Nous Sommes Ensemble
By Harry Newton
Tuesday saw the English and the French locked in battle yet again, as the two old rivals met at Wembley stadium to fight in a battle; a battle like no other. The two became allies, as the English put an arm around the French and embraced them, letting them know that “nous sommes ensemble”: We are together. In a match previewed to be practice for either side before the 2016 European Championships, the final score became irrelevant, with the match transforming into the most important game of football in the 21st century. Reminiscent of a Second World War Christmas Day Armistice, this game put all differences aside to fight fear itself.
France has found itself in a period of mourning after 129 people were killed on Friday the 13th of November following a sequence of co-ordinated terror attacks throughout the capital city. The attacks took place in areas around the Stade de France, where the same French players who played in Wembley on Tuesday were up against Germany, only to see the crowd take salvage on the pitch as fear surfaced. England scout Alan Cork was at the game and described the scenes; “when the crowd was on the pitch, I expected someone to burst in with guns.”
The instigators sought to terrorise the French people. Paris, the most romantic city in the world, had become home to panic. Only a day after the attack, ITV News captured the scenes when a restaurant was met with a stampede of people in search of safety, with tables and chairs broken and people trampled, due to fear on the streets that something had happened again. In reality nothing had, but this is the feel of a country on edge.
A country on the edge, but a country climbing back to safety. On the very night of the attacks, the French people began to fight the most important battle in order to combat this; they fought fear. The most terrifying night in many of these peoples’ lives led to many of Paris’ residents leaving their doors unlocked and a blanket on their sofa—as the fleeing Parisians were able to find safe refuge in the homes of others. A door expected to be locked, was left open.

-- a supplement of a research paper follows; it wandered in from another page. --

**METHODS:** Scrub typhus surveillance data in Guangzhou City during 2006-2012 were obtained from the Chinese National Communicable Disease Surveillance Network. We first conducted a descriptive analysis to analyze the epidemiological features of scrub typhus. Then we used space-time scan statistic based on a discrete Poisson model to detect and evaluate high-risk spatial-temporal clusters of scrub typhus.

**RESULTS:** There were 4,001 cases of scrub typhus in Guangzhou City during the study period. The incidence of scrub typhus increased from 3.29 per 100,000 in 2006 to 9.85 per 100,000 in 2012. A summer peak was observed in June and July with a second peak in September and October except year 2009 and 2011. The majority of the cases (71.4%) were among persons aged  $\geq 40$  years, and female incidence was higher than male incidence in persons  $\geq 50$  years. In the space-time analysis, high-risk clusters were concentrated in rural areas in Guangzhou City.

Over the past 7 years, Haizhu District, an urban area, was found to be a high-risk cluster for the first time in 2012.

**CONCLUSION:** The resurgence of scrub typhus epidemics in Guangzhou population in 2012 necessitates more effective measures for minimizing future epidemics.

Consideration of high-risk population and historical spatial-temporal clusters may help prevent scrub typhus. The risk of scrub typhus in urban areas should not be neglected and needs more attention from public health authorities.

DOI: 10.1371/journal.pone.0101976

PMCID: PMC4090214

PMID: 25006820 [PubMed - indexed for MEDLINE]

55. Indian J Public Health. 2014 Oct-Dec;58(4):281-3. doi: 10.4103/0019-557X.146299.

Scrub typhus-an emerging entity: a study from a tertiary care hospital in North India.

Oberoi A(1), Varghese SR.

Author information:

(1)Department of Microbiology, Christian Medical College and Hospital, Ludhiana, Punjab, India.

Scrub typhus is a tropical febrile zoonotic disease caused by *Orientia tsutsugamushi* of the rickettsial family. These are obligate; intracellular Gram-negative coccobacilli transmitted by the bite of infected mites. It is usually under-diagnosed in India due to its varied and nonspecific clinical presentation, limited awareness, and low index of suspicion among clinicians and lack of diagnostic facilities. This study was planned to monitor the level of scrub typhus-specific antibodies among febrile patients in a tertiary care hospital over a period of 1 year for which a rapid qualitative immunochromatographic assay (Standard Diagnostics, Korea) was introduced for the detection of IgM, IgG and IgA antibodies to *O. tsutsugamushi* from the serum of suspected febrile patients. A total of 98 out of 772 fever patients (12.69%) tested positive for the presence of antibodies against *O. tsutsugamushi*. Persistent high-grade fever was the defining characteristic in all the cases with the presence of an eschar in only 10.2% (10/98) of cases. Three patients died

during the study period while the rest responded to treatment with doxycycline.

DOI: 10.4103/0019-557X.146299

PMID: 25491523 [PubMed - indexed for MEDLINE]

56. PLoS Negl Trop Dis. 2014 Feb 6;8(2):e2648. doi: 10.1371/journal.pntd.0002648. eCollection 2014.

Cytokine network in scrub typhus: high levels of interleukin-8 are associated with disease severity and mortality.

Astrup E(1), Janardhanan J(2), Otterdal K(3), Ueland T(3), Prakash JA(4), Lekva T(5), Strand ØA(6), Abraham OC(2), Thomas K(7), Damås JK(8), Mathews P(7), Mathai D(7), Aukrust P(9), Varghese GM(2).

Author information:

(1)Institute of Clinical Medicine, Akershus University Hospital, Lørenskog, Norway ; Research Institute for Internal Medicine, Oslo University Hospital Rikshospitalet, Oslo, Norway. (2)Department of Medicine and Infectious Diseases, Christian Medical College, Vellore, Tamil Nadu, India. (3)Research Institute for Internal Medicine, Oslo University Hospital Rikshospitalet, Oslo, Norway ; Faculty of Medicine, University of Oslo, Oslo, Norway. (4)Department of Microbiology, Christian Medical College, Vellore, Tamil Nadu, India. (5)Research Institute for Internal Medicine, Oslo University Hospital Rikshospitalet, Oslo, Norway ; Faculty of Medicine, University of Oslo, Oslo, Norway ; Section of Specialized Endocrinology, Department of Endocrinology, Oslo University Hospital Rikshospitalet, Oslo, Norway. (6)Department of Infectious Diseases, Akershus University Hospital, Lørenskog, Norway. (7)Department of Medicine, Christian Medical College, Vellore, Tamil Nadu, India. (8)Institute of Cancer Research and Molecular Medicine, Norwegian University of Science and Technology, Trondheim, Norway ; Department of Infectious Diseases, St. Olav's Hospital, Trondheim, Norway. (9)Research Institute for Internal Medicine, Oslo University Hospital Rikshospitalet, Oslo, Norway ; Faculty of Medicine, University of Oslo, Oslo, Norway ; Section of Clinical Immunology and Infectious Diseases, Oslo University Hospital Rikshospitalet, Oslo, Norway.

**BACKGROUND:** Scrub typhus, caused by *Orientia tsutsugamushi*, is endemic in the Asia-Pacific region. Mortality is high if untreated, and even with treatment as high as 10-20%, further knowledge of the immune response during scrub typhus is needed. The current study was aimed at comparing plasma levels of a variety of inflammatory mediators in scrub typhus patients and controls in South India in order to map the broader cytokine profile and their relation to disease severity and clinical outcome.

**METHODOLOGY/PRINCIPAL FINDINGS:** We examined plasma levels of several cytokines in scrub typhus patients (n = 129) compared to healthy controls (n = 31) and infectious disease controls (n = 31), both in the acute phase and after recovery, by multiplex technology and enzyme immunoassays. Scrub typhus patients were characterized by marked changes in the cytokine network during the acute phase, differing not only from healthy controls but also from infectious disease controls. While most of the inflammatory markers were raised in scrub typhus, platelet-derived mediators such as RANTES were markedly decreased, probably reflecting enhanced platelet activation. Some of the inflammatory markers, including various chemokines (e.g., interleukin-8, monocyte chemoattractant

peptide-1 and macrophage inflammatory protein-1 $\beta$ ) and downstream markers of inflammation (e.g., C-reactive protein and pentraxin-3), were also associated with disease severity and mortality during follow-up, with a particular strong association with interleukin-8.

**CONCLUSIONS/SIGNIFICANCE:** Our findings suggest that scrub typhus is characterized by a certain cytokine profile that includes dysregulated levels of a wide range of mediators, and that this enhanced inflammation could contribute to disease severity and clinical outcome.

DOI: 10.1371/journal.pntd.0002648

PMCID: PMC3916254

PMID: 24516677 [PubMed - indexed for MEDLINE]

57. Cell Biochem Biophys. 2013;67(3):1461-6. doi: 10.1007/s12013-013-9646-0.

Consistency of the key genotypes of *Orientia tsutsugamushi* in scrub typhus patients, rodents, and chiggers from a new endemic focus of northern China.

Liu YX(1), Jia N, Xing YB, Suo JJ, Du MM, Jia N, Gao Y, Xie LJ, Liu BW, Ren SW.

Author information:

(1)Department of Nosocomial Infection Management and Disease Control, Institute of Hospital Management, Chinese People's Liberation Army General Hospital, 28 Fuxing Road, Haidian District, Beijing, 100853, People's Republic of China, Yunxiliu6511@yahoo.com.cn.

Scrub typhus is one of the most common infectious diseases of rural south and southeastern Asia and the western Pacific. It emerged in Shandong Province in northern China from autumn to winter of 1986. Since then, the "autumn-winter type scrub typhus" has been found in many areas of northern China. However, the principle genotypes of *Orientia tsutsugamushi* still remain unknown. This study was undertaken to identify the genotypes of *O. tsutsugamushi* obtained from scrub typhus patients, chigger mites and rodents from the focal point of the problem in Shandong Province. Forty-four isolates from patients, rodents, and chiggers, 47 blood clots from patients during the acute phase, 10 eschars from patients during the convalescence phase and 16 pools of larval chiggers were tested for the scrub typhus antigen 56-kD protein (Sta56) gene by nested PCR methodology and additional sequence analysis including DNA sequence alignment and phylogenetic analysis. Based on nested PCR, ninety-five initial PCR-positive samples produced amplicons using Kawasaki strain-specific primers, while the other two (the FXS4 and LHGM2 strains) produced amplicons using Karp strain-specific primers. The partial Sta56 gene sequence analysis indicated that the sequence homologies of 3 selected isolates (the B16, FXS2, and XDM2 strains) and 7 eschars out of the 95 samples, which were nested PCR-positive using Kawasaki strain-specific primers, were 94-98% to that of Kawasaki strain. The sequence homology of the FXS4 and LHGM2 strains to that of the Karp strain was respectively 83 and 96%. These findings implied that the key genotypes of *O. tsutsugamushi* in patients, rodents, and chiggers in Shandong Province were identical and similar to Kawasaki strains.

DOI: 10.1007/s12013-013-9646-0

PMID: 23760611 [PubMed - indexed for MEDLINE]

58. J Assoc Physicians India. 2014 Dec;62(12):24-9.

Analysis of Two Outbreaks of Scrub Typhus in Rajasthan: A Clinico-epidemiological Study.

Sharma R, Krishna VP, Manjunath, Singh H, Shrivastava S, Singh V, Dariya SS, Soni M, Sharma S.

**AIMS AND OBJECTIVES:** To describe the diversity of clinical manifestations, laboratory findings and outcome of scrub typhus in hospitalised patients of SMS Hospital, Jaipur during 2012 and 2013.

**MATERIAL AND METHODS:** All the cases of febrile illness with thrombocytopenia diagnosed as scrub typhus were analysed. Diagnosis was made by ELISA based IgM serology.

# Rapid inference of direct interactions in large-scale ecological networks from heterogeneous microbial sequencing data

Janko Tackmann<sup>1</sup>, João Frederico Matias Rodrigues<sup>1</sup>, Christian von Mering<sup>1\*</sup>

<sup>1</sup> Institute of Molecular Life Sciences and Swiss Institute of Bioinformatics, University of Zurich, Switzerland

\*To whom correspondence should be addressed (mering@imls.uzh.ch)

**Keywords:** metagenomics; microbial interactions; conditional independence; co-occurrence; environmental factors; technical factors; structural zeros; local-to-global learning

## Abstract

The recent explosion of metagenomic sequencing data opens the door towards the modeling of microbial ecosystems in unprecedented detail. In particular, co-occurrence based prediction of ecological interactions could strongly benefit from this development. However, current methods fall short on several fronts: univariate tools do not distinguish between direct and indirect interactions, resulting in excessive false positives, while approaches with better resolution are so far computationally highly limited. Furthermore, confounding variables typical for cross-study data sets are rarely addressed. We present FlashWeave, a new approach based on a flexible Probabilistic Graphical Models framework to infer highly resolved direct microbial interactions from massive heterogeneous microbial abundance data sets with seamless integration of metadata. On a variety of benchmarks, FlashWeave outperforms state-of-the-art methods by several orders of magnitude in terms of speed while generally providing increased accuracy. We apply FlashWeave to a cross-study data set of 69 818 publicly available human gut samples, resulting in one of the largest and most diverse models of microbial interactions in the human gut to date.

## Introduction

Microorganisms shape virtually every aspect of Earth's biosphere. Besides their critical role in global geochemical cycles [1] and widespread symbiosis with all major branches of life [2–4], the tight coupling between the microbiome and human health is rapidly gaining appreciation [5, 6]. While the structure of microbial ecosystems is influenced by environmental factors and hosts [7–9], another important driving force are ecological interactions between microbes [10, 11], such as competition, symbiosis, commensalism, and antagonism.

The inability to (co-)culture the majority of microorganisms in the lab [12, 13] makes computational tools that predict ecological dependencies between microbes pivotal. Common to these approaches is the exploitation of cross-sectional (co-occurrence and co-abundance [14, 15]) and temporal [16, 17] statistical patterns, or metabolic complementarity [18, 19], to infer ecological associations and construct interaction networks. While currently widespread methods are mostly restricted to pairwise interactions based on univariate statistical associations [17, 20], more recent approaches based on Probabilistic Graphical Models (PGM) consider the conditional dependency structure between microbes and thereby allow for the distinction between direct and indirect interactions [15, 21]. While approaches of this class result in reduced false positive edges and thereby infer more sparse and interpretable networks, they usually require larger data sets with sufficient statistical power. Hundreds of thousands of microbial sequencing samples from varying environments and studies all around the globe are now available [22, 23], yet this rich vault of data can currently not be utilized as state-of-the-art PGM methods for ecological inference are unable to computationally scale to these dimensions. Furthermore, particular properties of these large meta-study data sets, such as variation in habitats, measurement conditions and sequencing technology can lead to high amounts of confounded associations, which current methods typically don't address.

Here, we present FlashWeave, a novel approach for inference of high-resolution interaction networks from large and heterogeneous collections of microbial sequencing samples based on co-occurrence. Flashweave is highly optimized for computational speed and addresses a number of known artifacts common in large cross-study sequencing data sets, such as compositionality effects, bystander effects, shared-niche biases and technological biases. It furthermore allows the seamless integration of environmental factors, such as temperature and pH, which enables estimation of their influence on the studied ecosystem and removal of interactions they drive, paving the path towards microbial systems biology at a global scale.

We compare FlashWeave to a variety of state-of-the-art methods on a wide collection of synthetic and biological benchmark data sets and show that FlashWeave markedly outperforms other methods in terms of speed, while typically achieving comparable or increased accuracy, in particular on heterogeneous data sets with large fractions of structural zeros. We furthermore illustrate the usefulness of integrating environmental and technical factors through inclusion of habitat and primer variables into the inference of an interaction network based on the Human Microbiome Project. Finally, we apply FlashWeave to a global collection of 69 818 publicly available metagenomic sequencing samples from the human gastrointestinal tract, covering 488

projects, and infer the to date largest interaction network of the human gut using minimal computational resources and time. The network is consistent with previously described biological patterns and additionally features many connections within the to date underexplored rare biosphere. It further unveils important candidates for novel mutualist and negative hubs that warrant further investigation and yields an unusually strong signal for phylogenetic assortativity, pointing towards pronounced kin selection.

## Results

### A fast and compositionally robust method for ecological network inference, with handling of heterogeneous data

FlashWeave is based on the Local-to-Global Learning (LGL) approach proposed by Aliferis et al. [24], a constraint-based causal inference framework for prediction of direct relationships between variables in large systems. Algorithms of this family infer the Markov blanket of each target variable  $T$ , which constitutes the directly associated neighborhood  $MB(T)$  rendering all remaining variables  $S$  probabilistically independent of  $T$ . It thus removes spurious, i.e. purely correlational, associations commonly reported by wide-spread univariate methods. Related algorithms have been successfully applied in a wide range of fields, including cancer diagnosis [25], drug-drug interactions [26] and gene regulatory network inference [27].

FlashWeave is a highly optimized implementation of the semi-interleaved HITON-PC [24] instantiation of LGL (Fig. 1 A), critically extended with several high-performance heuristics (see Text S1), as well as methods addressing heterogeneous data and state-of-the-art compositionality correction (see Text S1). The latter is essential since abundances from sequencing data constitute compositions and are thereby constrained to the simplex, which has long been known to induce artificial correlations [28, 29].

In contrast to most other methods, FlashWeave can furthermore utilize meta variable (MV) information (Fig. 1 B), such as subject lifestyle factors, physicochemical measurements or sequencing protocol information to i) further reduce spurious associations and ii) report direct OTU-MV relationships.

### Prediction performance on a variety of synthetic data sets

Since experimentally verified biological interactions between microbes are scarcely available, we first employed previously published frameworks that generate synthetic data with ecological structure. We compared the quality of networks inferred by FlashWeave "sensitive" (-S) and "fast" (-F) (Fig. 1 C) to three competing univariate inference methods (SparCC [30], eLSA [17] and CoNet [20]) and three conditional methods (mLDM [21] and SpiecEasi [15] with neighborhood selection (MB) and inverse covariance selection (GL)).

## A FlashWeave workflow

It is paramount that these events not be taken lightly, but retaliation to the attacks is to meet them with a lack of fear. Charlie Hebdo has always been a publication never to mince its words, and the reaction of this publication to the news of the attacks was not one of fear, politics or military. Instead the magazine went with the headline of “ils ont les armes. On les emmerde. On a le champagne!” They have weapons. Fuck it. We have champagne! This was placed above a picture of a man drinking champagne, with it pouring out of the bullet holes on his body. This has been met with a variety of opinions, as some believe this satire is disrespectful and stupid; others believe it is brave and typifies the French—that they will not be beaten down.
W. Clement Stone once said “thinking will not overcome fear, but action will.” Action was taken across the globe as a statement of solidarity spread. The French flag was projected on monuments around the world: Wembley Stadium, Shanghai’s Iandama Building, Christ the Redeemer in Brazil, the world’s tallest building in Dubai, and the Sydney Opera House to name a few.
Football of the world took action also. The match at Wembley began after a series of moments of respect were held for France, and the French people. A minute’s applause, and a minute’s silence were both impeccably conducted, but it was the singing of ‘La Marseillaise’ that captured the hearts of the world, as the English put aside their patriotism to show their humanist nature and sing aloud the French national anthem. England players stood side by side with the French nationals, and Wembley roared. Nevertheless, most of that roar was in a terribly imitated French accent.